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3.10: Mitochondrial Calcium Ion Transport

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    Mitochondria isolated from various types of animal cells—but, interestingly, not those from plant cells—can rapidly accumulate exogenous Ca2+.59 The transporter is located in the inner membrane and the driving force behind the Ca2+ transport appears to be merely the high potential difference across this membrane (\(\Delta \Psi\) ≈ 150 to 180 mV, negative in the inner matrix). This potential difference is fairly closely maintained by the pumping out of H+ from the matrix by cell respiration. For the transport of 1 mol Ca2+ from the "outside" (= cytoplasm) to the "inside" (= inner mitchondrial matrix), we may deduce from Equation (3.4) that the free-energy change \(\Delta\)G may be written (\(\Delta\)nCa2+ = -1)

    \[\Delta G = - RT \cdotp ln\frac{[Ca^{2+}]_{o}}{[Ca^{2+}]_{i}} - 2F \Delta \Psi \ldotp \tag{3.11} \]

    From this analysis it may be inferred that the limiting Ca2+ concentration (or activity) ratio that can be achieved by this electrogenic pump (i.e., \(\Delta\)G = 0) is

    \[\dfrac{[Ca^{2+}]_{o}}{[Ca^{2+}]_{i}} = e^{\frac{-2 F \Delta \Psi}{RT}} \tag{3.12}\]

    With \(\Delta \Psi\) = 150 mV, this ratio is calculated to be 8.4 x 10-6 at 25 °C. It is evident that, as long as the Ca2+ influx would not lower the membrane potential difference, the Ca2+ uniporter has a very high pumping potential. Measured values of the pumping rate, Vmax, are indeed high (>10 nmol/mg protein59) and probably limited only by the rate of electron transport and H+ extrusion in the mitochondria.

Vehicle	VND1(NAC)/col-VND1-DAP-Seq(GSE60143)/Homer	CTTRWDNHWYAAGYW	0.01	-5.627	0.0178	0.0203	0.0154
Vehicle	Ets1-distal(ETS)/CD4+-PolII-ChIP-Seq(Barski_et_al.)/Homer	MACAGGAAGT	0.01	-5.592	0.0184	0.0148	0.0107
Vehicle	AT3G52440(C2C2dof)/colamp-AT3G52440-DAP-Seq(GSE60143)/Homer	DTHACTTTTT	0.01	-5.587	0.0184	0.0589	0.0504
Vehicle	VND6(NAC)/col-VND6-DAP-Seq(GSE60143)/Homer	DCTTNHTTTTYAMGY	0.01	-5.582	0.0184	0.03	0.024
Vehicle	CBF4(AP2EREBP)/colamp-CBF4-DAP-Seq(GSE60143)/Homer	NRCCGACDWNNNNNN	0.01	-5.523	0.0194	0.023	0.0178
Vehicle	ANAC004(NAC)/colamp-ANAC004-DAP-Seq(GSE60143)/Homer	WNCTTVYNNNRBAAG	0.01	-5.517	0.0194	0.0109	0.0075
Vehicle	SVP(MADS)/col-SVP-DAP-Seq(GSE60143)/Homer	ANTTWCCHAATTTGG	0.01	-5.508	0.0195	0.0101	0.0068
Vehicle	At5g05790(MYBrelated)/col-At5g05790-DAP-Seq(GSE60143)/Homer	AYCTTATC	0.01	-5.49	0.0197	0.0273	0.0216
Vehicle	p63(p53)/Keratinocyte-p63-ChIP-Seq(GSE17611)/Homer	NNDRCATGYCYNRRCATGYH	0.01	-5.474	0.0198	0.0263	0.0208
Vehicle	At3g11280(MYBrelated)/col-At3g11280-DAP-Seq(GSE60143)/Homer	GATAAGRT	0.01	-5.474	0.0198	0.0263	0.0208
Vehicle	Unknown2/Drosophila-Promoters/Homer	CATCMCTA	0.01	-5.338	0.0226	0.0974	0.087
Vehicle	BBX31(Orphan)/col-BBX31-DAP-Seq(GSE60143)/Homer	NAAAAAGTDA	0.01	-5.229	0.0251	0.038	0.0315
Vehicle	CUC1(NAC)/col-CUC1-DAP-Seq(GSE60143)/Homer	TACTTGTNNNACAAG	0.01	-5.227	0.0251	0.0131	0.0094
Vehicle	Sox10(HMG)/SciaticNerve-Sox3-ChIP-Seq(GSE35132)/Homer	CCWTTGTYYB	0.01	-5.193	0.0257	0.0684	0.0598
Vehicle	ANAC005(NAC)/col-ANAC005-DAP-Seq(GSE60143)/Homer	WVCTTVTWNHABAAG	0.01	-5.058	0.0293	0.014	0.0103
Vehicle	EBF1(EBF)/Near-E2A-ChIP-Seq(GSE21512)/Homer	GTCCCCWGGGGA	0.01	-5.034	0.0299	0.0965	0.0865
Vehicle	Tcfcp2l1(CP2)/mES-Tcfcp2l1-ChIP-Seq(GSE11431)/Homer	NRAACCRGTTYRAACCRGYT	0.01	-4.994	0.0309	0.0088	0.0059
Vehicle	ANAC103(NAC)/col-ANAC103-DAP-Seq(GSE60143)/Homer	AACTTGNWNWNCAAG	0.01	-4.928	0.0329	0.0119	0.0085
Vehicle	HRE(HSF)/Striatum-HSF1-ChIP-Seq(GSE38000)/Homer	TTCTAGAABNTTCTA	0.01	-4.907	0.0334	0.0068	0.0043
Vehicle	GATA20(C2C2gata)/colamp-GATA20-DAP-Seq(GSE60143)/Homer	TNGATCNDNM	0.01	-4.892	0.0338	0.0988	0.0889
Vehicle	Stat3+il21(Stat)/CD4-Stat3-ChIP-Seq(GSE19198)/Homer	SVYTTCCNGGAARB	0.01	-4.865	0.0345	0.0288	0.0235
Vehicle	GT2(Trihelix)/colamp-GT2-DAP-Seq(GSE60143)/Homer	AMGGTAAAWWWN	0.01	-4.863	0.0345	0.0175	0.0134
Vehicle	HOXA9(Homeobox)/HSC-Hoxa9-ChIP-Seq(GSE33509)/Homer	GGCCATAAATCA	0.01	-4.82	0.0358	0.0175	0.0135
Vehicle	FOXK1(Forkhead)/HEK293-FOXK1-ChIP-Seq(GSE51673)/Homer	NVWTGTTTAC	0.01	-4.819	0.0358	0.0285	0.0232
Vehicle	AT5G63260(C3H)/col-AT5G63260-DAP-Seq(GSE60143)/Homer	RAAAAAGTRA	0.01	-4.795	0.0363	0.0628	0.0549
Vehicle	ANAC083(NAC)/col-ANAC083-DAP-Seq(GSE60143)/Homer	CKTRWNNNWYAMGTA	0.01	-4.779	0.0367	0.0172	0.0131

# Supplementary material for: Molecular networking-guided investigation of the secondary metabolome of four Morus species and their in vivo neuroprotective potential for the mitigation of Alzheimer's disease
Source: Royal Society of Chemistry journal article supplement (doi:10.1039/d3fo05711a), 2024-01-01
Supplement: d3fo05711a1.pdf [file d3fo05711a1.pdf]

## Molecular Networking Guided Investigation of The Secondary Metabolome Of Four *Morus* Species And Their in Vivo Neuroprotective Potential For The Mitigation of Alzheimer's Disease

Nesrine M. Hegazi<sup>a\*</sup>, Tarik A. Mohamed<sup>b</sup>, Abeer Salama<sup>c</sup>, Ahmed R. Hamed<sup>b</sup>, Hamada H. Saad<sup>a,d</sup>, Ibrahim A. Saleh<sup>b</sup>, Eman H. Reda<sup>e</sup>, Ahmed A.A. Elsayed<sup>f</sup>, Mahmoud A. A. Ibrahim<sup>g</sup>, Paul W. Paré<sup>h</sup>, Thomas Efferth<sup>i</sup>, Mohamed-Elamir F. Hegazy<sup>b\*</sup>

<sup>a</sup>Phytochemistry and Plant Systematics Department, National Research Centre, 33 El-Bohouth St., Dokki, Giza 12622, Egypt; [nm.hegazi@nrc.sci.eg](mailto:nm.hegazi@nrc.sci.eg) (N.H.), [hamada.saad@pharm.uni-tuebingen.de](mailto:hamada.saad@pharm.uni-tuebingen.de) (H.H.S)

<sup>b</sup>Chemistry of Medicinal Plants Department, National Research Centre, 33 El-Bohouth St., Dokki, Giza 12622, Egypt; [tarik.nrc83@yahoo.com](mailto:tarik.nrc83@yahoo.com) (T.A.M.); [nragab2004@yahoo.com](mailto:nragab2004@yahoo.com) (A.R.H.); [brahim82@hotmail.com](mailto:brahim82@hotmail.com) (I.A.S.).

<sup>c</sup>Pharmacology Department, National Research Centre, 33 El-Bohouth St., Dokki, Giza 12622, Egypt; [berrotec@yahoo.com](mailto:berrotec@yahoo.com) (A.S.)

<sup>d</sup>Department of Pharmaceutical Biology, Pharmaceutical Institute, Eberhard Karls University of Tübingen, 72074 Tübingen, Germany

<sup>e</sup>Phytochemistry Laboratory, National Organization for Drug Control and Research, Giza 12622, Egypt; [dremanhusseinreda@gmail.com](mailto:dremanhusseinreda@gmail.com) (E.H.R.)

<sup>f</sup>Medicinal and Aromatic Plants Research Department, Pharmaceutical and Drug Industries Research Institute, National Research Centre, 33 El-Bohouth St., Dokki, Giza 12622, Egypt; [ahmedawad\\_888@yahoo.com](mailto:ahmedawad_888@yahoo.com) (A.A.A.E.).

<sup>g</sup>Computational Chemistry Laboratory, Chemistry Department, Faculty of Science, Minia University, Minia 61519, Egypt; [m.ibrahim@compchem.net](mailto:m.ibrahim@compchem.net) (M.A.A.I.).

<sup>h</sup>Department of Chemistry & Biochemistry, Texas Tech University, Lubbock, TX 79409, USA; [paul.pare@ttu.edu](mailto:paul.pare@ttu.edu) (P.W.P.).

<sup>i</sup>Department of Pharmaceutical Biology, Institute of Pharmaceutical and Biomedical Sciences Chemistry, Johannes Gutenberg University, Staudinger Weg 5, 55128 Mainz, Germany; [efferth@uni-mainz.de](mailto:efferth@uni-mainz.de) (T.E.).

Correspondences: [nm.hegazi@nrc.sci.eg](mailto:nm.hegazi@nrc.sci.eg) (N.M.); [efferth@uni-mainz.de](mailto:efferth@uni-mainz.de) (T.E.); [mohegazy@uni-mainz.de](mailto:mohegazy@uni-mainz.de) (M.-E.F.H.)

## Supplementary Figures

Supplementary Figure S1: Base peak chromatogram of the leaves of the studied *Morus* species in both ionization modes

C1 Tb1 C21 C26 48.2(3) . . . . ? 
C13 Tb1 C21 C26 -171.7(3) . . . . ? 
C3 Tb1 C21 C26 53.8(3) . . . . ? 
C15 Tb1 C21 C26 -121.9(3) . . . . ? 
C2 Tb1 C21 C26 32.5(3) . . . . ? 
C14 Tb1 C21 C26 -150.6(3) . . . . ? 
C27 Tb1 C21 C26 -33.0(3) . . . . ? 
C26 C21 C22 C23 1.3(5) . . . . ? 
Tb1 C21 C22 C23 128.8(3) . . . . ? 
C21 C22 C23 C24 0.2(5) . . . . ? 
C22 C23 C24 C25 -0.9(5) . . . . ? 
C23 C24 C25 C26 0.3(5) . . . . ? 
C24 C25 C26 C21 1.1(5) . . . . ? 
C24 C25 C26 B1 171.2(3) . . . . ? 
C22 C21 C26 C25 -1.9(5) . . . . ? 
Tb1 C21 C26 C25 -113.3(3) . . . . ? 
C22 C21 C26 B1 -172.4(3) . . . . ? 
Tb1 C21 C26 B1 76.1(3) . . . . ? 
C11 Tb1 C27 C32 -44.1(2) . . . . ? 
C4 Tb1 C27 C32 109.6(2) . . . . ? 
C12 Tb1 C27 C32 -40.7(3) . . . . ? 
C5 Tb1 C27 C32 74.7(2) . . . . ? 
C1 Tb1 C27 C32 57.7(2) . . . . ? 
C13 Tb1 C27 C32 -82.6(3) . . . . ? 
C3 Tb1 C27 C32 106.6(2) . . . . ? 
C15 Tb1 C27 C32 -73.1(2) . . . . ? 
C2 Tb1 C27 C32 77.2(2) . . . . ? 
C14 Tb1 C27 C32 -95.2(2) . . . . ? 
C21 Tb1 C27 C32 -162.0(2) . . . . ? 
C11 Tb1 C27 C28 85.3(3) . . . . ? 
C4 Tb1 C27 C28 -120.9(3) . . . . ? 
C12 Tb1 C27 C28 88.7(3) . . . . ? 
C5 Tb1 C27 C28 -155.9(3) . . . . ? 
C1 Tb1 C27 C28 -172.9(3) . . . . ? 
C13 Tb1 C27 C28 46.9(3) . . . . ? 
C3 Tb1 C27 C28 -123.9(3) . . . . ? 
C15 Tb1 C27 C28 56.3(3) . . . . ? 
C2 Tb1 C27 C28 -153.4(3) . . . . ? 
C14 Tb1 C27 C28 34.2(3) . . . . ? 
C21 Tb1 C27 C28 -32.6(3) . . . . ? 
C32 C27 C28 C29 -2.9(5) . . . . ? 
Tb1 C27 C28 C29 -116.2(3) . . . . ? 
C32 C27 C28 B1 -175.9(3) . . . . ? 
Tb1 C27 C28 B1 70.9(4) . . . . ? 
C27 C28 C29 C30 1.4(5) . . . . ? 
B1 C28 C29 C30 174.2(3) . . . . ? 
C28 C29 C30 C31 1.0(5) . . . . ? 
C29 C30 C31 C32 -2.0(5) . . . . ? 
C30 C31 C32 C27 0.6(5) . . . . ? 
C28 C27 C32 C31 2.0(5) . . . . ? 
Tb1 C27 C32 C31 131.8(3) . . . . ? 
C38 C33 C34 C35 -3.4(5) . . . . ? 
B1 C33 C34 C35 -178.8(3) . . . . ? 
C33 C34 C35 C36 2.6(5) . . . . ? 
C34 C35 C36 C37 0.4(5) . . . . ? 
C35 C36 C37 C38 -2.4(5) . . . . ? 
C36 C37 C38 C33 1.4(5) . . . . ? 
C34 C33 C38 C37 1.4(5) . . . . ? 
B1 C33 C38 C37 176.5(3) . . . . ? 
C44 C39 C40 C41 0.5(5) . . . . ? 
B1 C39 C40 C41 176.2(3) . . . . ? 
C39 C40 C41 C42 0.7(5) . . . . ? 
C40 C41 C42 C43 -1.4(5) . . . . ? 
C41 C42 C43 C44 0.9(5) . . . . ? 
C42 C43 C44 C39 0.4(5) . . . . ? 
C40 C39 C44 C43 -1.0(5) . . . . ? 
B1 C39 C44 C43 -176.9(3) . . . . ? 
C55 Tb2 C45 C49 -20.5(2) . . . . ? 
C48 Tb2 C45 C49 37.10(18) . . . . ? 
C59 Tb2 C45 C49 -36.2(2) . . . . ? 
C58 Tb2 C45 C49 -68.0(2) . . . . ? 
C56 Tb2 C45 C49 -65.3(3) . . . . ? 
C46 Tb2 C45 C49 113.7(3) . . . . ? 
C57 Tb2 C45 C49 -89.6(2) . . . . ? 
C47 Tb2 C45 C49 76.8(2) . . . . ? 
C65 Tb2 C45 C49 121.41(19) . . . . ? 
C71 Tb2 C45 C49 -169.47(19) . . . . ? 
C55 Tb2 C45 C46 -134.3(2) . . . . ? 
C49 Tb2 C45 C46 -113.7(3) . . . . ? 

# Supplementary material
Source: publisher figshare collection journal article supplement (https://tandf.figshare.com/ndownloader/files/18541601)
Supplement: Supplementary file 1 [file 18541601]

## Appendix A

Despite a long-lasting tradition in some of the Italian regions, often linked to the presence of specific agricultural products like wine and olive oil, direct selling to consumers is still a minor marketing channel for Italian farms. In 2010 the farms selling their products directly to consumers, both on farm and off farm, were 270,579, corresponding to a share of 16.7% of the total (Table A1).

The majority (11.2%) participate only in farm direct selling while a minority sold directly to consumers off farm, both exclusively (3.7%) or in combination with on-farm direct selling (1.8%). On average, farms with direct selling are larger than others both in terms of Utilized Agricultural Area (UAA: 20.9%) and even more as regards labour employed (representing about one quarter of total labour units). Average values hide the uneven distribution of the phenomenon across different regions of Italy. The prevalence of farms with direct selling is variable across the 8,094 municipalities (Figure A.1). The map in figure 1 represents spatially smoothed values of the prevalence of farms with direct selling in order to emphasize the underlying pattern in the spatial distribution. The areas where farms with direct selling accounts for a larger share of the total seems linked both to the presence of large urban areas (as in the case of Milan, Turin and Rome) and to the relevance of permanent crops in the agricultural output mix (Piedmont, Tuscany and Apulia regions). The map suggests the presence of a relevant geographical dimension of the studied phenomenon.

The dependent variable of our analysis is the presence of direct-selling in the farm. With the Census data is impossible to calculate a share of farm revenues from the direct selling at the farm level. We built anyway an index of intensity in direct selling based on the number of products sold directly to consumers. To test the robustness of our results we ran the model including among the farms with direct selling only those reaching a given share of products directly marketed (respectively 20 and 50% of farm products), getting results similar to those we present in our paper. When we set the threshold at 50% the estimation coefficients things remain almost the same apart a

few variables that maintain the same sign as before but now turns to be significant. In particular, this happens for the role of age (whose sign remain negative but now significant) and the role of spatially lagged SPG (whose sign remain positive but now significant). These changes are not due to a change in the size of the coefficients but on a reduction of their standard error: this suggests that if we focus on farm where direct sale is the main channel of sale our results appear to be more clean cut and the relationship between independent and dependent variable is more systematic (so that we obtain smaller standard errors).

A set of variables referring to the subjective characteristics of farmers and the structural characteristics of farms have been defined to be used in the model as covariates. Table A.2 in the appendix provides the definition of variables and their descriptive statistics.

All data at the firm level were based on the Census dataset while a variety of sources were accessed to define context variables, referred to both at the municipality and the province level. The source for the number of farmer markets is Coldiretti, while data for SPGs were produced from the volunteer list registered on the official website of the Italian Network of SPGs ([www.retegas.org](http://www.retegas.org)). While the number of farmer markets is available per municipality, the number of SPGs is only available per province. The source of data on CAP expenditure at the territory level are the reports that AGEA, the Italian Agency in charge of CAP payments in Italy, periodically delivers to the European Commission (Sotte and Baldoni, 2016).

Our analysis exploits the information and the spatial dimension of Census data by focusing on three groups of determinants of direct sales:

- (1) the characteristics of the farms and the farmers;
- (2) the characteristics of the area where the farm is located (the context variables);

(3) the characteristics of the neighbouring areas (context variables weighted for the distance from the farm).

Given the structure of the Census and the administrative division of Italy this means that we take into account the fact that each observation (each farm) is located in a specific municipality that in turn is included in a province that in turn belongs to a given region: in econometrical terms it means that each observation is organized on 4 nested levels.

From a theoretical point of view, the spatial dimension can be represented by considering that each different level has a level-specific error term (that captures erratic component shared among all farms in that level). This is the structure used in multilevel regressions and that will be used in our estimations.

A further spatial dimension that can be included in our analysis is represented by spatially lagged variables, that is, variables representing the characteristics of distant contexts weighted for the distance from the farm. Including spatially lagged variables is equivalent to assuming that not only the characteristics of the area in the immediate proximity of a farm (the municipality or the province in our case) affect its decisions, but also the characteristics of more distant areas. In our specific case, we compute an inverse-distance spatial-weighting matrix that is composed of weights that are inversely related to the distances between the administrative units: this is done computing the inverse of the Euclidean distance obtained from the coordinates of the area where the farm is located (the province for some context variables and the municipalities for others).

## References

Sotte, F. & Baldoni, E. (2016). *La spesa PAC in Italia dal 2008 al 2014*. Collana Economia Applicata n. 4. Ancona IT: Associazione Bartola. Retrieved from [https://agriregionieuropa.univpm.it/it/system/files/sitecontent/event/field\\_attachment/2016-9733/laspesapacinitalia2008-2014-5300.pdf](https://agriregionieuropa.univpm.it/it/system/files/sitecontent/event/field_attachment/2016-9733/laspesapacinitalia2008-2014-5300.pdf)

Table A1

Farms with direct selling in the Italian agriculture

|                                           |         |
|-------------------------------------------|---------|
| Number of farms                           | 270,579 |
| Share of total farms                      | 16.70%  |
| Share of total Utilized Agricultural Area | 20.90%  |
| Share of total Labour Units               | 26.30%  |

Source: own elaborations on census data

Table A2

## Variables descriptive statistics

Mitochondria may accumulate large quantities of Ca2+, probably to maintain electroneutrality. To prevent the buildup of high concentrations of free Ca2+ (and of osmotic pressure), phosphate ions are also transported into the inner matrix, where an amorphous calcium phosphate—or possibly a phosphocitrate60—is formed. The equilibrium concentration of free Ca2+ in the mitochondrial matrix may as a result be comparatively low, on the order of 1 \(\mu\)M.

    The molecular nature of the mitochondrial Ca2+ uniporter continues to be elusive, and needs to be studied further.


    Mitochondria, as well as SR, release Ca2+ ions by mechanisms other than "back leakage" through the pumps. In mitochondria from excitable cells, the efflux occurs mainly through an antiport, where 2 Na+ ions are transported inward for every Ca2+ ion departing for the cytosolic compartment.61 In other cells there is evidence for the dominance of a 2H+-Ca2+ antiport.59 In all likelihood the Ca2+ efflux is regulated, possibly by the redox state of pyridine nucleotides in the mitochondria. As with the Ca2+ uniporter, few details on the molecular nature of the antiporters are presently available.

    Ca2+ Efflux from Non-mitrochondrial Stores

    Release of Ca2+ from ER and SR presently appears to be the prime effect of the new intracellular messenger 1,4,5-triphosphoinositol (1,4,5-IP3) released into the cytoplasm as a result of an external hormonal stimulus (see Section IV.C). It seems that receptors for 1,4,5-IP3 have been established on ER, and that the binding of 1,4,5-IP3 causes a release of Ca2+ stored in this organelle.62,63,170,171 In addition to the receptor-controlled Ca2+ efflux, there may be other pathways for Ca2+ release, and Ca2+ mobilization may be regulated by other intracellular entities, the Ca2+ ions themselves included.

    Other Voltage-gated or Receptor-activated Ca2+ Channels

    In addition to the transport pathways already discussed, some cells seem to have Ca2+ channels in the plasma membrane that can be opened by the action of an agonist on a receptor or that are gated in response to changes in membrane potential.64 For example, Ca2+ channels can be opened by nicotinic cholinergic agonists65 or by the excitatory amino acid N-methyl-D-aspartate (NMDA).66 Endochrine cells and also some muscle and neuronal cells have voltage-sensitive Ca2+ channels.67,68 We will not discuss these further, but merely point to their existence. We finally note that during the last few years knowledge about the mechanisms of Ca2+ entry and release to and from extracellular and intracellular pools has increased dramatically, and we refer the reader to recent reviews of the field.175,176

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